This essay was written by upper-sixth former Omeet Atara, and shortlisted for the 2020 Independent Learning Assignment. The following provides a short abstract to the full essay, which can be found at the bottom.
Estimated read time of abstract: 3 minutes
Estimated read time of essay: 90 minutes
In the last decade there have been radical changes in UK politics, with Brexit and Bojo becoming household names. However, behind the apparent shift towards the Conservative Party the role of the British Indian Community has been vastly understated. Since 2010, the British Indian vote has shifted rapidly towards the Conservative Party with over 30% of British Indians switching towards them. Hence, this psephology change has gone a long way to enabling the Conservative Parties success.
However, we must ask ourselves why this change as occurred? In my ILA, I argue that fundamentally, the shift has occurred due to changing policy within the Conservative Party, historical deterioration, and active political strategy. Using personal heritage, a range of literature and media and first-hand interviews with leading political figures such as Lord Popat, Lord M Desai and Chris Grayling MP I construct an overall picture of British Indian Voting Behaviour.
1.4 million British Indians are currently settled in Britain, and they all stem from historical immigration. Indians have to come to Britain since the 1700s and the formation of the East India Company. They began as sailors, however, then cooks and academics came over to supply the British with India cuisine. My ILA traces this heritage, through partition, immigration from Uganda and Kenya in the 1960s and 1970s then the Thatcher, Blair and Cameron years looking at immigration policy and how this affected the Indian diaspora. This combines with personal heritage, as my maternal grandfather travelled as an illegal immigrant in 1968, to escape the brutality of Jomo Kenyatta and then my father to escape Idi Amin in 1982. The hundreds of thousands of British Indians who have came to Britain in the period 1960-1990 are distinctly loyal to the political party which allowed them in country. I also explore how geographical location has affected generations to come, particularly South Indian workers coming to Britain in the 1940s, working in unionised jobs in the North.
However, there have been generation loyalty decline, with later generations being far less loyal to the party which originally “let them in.” This when policy from the Conservative Party has begun to appeal to the British Indian voters. From the surveys I conducted it was clear that, firstly British Indian voters are overwhelmingly voting on rationality, and often the rational policy which benefits them is from the Conservative Party. Economically, British Indians are on average the wealthiest race which often means they support the low tax policies. Culturally and Socially, they believe in harsh punishment and law and order, something which also aligns with the Conservative Party. In my ILA, I explore Cultural, Social, Education, Economic, Political and Foreign policies and the vast majority of British Indian interests align with Conservative Party Policy.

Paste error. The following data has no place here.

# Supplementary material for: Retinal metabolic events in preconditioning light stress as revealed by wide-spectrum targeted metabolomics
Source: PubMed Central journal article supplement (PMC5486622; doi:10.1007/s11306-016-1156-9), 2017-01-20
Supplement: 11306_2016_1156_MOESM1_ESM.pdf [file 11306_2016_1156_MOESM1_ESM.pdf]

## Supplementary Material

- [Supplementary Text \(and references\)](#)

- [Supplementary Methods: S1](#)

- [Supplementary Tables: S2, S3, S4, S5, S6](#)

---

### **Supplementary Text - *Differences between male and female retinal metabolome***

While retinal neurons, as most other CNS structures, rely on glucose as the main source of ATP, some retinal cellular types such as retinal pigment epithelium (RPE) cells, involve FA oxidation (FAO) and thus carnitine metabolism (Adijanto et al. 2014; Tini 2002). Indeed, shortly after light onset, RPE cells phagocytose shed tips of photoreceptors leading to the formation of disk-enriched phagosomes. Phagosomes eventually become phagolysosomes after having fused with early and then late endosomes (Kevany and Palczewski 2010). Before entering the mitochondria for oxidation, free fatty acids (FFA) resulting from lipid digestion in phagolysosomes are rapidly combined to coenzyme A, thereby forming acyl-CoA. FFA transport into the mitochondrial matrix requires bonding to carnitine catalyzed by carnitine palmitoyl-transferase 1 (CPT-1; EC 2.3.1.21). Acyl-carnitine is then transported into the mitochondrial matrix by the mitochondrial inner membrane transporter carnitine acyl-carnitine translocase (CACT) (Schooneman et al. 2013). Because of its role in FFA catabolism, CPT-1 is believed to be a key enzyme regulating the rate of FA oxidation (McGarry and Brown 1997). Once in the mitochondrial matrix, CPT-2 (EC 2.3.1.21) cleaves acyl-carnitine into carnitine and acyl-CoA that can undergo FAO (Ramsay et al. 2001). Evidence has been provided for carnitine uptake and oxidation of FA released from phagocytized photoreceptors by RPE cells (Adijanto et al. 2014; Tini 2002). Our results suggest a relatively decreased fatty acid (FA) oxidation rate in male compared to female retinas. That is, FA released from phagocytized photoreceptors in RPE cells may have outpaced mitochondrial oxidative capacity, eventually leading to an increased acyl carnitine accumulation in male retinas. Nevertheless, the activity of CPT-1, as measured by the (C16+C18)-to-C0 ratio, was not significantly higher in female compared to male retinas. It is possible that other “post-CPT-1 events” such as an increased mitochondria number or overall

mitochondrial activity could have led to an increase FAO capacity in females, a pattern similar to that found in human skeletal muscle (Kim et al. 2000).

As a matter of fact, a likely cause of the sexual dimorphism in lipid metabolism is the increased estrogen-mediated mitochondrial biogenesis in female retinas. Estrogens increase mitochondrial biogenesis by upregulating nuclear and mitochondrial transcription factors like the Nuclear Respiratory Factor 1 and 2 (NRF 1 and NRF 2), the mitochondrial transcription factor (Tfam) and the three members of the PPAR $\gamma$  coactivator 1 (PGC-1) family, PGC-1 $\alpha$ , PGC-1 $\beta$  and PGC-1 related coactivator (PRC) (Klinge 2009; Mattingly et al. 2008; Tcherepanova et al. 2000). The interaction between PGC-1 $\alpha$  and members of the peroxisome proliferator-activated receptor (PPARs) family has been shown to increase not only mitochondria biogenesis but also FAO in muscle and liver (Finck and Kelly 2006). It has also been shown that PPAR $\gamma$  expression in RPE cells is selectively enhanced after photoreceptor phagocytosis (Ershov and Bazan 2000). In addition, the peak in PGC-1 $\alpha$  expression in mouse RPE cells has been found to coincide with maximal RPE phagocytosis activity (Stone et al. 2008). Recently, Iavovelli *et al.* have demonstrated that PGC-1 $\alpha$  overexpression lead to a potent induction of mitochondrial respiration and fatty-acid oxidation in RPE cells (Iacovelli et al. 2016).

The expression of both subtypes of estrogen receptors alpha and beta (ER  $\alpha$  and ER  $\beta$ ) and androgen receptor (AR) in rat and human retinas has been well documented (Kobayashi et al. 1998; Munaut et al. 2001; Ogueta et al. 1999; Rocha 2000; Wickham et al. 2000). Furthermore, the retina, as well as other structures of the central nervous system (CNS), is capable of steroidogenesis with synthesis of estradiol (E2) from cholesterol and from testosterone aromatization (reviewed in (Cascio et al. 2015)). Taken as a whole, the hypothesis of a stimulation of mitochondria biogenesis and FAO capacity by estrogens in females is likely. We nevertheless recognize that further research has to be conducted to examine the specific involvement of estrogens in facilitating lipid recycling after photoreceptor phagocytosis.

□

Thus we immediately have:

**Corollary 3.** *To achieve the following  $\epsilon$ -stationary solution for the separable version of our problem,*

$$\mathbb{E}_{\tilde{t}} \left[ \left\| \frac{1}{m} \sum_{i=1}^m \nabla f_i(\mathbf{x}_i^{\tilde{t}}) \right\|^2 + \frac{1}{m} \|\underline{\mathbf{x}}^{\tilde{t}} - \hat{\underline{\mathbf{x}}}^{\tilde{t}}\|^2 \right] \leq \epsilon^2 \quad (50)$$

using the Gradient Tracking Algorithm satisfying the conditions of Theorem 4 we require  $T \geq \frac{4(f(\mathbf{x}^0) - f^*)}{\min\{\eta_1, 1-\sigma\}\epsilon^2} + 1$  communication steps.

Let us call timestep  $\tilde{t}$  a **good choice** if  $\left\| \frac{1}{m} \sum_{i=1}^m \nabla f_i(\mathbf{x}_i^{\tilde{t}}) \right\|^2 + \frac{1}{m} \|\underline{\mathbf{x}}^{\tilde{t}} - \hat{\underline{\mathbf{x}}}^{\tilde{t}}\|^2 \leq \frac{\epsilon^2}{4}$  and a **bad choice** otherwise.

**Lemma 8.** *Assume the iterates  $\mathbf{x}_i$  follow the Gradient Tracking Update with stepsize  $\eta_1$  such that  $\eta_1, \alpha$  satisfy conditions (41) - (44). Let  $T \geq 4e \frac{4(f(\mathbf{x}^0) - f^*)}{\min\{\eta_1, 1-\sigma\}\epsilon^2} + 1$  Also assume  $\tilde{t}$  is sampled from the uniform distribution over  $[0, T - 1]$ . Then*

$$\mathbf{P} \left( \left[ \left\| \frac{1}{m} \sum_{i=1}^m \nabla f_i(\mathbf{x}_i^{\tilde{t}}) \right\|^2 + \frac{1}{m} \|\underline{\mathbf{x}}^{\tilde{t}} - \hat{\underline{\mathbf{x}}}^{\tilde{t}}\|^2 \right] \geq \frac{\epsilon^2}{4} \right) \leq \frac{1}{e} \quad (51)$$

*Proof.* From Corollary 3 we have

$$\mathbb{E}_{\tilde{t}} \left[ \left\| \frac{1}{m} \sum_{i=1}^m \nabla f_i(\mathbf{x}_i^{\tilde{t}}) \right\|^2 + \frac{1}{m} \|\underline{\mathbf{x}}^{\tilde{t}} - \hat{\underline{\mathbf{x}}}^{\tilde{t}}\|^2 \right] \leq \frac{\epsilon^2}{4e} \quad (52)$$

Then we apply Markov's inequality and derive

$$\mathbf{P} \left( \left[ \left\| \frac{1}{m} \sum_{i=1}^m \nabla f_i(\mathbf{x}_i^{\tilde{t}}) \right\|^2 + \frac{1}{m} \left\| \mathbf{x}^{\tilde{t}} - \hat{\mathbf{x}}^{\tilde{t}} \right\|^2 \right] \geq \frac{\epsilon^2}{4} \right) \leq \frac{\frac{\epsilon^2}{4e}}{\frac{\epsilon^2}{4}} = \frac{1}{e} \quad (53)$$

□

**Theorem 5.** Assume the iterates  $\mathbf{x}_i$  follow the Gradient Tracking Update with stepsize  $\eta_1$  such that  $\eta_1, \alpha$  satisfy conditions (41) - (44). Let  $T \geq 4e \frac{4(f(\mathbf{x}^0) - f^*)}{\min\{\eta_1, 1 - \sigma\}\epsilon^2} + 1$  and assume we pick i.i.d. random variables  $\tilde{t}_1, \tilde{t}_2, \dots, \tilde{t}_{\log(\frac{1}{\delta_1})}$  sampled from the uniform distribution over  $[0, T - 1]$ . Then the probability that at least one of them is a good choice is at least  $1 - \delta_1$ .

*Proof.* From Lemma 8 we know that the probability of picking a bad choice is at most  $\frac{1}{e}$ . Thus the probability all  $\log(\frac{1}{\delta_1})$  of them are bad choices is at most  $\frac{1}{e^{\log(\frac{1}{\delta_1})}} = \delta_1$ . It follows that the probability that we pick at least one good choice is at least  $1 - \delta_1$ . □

Finally, I explored the directives of both major political parties. Kashmir is a deeply contentious issue, and the Labour Party have moved away from the Indian Government stance of non-interference. This angered many British Indians; how felt they could not support the Labour Party. One the other hand, the Conservative party has represented British Indians at the top level of Government, with 4 Cabinet Ministers having Indian heritage. Alongside this, the formation of the Conservative Friends of India has also involved the Indian communities in Britain within the Conservative party.
I end my piece with my own political theory I developed based upon this research. Targeted Seat Theory is the idea that appealing to cultural politics within a seat is the most effective way to win seats. By using the majority interests and representing this on a local level you gain a significant vote proportion. This was seen in my case study, Harrow East.
Overall, my ILA combines Politics, Anthropology, Sociology, History, Geography and Economics to create the picture of a British Indian voter. From this, I begin to work out how parties in the modern era have appealed to voters and then develop a wider political theory. The change I explore has gone unnoticed behind the bluster of sensationalist politics for too long and has crucial role in determining who the Government is.
To view Omeet’s full article, follow this link below.